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26 July 2012 | Business & Finance

'Accountants Must Champion Disclosure Of Risks

The President of the Association of Chartered Certified Accountants (ACCA), Mr Dean Westcott, has called on policymakers and the accountants to champion the value of disclosure and assurance.

He said this at a press conference in Uganda, after the launch of two reports christened “The Rise of Capital Markets in Emerging and Frontier Economies”, and “Making Capital Markets Work in Emerging and Frontier Economies”.

Mr Westcott said “Capital markets play an important role in promoting robust economic activity. Emerging capital markets are clearly an increasingly important source of finance to business.”

“Broadening participation in company ownership, especially where the needs of minority shareholders are concerned, requires clear corporate governance, responsiveness to the many needs of investors, consideration of independent representation on the company board and transparency of decision-making in the interests of all investors and wider stakeholders,” he added.

Mr Westcott said developing capital markets needed increasingly transparent corporate governance and ethical business approaches to encourage investor confidence. And in the future, we are sure that environmental, social and governance reporting is likely to become part of a broadening landscape of corporate disclosure and reporting.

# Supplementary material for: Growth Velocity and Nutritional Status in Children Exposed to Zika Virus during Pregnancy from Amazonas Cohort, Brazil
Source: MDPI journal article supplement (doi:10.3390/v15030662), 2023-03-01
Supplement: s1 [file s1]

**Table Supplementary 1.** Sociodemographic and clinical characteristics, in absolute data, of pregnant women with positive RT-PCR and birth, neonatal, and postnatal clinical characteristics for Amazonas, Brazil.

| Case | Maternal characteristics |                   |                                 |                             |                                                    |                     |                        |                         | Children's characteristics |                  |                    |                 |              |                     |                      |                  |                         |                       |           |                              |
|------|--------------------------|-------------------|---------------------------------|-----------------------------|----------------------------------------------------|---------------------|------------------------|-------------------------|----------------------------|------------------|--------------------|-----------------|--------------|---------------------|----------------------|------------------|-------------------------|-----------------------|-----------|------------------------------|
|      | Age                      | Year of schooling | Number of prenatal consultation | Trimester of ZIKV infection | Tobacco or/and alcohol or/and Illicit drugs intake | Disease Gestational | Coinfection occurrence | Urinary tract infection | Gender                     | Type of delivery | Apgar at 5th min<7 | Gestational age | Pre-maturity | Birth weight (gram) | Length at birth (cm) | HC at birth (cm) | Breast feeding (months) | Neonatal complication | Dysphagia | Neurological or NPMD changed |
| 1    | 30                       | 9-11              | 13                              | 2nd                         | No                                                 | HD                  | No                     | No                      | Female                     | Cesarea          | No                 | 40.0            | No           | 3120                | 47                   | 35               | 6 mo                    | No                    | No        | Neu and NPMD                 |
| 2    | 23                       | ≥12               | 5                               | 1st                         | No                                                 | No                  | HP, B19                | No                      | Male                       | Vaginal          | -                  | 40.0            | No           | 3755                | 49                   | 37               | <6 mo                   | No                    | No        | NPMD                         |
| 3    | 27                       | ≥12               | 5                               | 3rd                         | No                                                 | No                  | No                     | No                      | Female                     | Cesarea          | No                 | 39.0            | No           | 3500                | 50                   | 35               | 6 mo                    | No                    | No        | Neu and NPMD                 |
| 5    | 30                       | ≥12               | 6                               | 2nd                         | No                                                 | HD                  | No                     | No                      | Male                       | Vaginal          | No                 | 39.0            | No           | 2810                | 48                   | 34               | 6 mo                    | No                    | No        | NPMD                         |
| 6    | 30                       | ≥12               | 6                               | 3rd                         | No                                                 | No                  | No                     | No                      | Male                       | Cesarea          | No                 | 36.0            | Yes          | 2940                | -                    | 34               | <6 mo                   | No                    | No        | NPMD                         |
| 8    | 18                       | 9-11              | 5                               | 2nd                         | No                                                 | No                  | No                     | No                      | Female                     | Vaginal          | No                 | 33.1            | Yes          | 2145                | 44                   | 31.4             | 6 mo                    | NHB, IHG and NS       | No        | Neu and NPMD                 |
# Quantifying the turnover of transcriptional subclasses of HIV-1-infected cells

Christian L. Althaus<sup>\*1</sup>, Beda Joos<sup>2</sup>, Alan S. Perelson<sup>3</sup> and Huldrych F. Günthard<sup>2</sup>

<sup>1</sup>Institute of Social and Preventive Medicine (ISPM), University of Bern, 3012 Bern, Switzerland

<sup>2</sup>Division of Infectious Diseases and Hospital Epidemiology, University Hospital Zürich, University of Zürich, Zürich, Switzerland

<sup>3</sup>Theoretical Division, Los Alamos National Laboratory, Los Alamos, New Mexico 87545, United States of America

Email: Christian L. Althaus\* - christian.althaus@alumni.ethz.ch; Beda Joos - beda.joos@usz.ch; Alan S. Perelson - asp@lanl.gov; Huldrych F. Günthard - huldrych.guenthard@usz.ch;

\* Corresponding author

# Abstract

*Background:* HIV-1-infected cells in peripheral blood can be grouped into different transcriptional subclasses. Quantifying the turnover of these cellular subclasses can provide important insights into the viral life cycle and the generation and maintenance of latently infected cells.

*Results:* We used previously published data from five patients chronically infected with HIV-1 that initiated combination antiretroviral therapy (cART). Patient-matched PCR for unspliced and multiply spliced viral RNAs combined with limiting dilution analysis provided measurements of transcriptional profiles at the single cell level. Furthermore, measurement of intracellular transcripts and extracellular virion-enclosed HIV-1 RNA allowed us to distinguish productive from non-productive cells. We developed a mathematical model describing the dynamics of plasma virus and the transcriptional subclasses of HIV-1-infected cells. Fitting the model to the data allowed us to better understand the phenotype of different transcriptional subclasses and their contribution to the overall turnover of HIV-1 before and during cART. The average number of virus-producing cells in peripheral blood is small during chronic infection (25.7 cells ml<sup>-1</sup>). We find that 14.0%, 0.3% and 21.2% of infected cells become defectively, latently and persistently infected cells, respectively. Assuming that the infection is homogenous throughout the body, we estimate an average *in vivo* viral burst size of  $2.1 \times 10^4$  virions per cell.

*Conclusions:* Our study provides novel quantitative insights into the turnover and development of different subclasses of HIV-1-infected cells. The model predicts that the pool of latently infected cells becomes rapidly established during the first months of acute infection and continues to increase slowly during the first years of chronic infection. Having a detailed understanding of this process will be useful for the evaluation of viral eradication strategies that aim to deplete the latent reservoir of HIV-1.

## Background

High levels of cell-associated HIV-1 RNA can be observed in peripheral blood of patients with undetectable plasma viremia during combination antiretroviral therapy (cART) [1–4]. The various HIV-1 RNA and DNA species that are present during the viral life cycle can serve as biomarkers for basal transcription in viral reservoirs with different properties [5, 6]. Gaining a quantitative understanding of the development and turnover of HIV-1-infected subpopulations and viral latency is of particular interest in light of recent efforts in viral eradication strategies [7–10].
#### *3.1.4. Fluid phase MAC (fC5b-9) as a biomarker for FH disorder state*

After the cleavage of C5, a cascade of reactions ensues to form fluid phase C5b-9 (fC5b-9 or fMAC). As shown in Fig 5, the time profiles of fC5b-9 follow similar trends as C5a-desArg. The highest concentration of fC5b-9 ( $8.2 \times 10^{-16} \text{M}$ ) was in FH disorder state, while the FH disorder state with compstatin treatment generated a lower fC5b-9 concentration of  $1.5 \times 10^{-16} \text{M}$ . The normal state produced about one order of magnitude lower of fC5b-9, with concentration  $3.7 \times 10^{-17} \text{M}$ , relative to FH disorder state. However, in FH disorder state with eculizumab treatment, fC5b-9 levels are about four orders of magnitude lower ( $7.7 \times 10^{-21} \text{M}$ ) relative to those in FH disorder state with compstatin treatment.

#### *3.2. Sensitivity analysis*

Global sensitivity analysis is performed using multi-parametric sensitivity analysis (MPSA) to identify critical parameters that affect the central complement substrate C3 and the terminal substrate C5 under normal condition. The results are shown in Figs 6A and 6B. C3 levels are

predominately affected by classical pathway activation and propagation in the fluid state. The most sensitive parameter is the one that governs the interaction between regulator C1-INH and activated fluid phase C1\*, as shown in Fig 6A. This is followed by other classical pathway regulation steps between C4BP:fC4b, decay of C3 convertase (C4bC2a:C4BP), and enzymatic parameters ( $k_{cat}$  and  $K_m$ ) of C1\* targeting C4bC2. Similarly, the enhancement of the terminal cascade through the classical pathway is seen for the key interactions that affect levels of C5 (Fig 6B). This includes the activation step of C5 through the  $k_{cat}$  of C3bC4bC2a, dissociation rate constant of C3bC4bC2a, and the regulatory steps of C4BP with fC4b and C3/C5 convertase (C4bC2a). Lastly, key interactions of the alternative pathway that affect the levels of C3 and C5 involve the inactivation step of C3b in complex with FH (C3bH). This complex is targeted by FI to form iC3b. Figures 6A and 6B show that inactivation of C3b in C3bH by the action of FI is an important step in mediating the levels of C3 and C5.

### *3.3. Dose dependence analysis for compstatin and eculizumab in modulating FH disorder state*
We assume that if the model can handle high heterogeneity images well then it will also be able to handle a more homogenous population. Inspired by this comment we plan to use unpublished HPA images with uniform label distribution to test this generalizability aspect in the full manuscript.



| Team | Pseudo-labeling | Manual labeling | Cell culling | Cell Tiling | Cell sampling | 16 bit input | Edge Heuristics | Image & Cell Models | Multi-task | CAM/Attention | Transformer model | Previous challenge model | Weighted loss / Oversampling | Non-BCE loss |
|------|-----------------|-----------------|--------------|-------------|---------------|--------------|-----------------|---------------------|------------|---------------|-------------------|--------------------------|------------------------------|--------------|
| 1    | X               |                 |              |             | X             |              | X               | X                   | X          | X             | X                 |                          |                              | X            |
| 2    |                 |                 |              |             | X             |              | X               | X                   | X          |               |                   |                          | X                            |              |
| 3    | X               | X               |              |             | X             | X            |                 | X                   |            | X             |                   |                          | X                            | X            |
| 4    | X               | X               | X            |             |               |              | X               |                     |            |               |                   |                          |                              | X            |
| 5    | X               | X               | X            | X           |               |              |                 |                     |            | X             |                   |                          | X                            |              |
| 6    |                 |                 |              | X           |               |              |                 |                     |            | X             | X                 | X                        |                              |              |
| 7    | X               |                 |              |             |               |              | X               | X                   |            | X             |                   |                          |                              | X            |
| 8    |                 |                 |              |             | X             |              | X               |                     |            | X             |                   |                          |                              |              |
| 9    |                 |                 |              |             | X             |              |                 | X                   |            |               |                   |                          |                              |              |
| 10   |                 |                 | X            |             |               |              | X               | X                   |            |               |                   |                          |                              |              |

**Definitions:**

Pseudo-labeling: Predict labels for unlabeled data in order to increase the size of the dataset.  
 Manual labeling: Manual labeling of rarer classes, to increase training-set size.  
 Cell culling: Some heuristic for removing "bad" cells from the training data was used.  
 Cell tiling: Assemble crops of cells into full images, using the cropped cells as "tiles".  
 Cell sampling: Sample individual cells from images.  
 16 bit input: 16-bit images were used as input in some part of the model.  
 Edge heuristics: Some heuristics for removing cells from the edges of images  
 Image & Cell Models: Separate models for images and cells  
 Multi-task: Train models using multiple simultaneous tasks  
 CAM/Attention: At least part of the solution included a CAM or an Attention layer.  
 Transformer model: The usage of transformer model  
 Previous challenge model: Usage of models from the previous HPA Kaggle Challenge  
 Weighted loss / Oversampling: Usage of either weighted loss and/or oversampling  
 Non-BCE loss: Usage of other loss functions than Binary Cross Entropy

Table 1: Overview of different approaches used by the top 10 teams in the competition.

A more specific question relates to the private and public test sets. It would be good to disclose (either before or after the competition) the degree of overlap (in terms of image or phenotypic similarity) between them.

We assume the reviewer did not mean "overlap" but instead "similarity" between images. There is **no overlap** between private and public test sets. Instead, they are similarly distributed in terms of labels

He also said this complexity in market structures led to a need for increasingly sophisticated financial management, which meant that finance functions had to rise to the challenge and play a more central role in governance, risk and compliance, alongside financial reporting and management accounting.

“Such complexity requires an organisation that is externally focused, with its aims focused on building investor confidence and capable of delivering performance targets which bring shareholder value – and being able to measure and provide assurance on what shareholders value,” he said.

Mr Westcott said the ACCA believes that capacity building around financial systems is essential.

He indicated that allowed capital markets to enable the most promising firms – both large and small – to source funds more cheaply and reliably than would otherwise be possible.

Mr Westcott added that to do this, these firms need access to reliable financial information, which in turn depends on the skills and competences of professional accountants.

According to Dean Westcott, “It is pleasing to see fledgling capital markets succeed, but as an accountancy body, it is important for us to understand how the profession can help support these developments further and promote financial knowledge and understanding.”

“Investors cannot be expected to assume the risk that comes with investing in what is often a novel and illiquid asset class without the best quality information possible, and they cannot be expected to participate in markets where crucial information remains private”, he added.

He also said that was why policymakers and the accountancy profession around the world have long championed the value of disclosure and assurance and must continue to do so.

Mr Westcott ended by saying “Our reports show that the perceived strength of accounting and auditing standards is a leading indicator of the health of capital markets and a strong predictor of their ability to drive economic growth.”

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